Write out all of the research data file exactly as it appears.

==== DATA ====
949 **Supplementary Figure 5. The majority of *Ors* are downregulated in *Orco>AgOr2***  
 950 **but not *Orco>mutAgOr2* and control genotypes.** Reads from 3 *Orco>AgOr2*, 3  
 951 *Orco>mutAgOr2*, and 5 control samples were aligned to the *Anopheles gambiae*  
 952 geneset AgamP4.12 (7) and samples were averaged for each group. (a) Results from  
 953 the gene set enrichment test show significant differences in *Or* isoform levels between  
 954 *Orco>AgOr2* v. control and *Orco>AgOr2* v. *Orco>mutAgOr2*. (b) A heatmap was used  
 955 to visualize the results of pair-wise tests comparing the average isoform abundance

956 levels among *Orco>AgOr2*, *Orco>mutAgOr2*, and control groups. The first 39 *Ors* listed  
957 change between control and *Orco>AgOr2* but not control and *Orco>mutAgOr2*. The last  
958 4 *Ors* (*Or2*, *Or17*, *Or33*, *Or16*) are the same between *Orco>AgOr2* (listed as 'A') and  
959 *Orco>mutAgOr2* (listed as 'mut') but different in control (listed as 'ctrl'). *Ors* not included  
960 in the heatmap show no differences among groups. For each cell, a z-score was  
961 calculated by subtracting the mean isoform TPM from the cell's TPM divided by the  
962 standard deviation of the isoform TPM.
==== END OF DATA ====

949 **Supplementary Figure 5. The majority of *Ors* are downregulated in *Orco>AgOr2***  
 950 **but not *Orco>mutAgOr2* and control genotypes.** Reads from 3 *Orco>AgOr2*, 3  
 951 *Orco>mutAgOr2*, and 5 control samples were aligned to the *Anopheles gambiae*  
 952 geneset AgamP4.12 (7) and samples were averaged for each group. (a) Results from  
 953 the gene set enrichment test show significant differences in *Or* isoform levels between  
 954 *Orco>AgOr2* v. control and *Orco>AgOr2* v. *Orco>mutAgOr2*. (b) A heatmap was used  
 955 to visualize the results of pair-wise tests comparing the average isoform abundance

956 levels among *Orco>AgOr2*, *Orco>mutAgOr2*, and control groups. The first 39 *Ors* listed  
957 change between control and *Orco>AgOr2* but not control and *Orco>mutAgOr2*. The last  
958 4 *Ors* (*Or2*, *Or17*, *Or33*, *Or16*) are the same between *Orco>AgOr2* (listed as 'A') and  
959 *Orco>mutAgOr2* (listed as 'mut') but different in control (listed as 'ctrl'). *Ors* not included  
960 in the heatmap show no differences among groups. For each cell, a z-score was  
961 calculated by subtracting the mean isoform TPM from the cell's TPM divided by the  
962 standard deviation of the isoform TPM.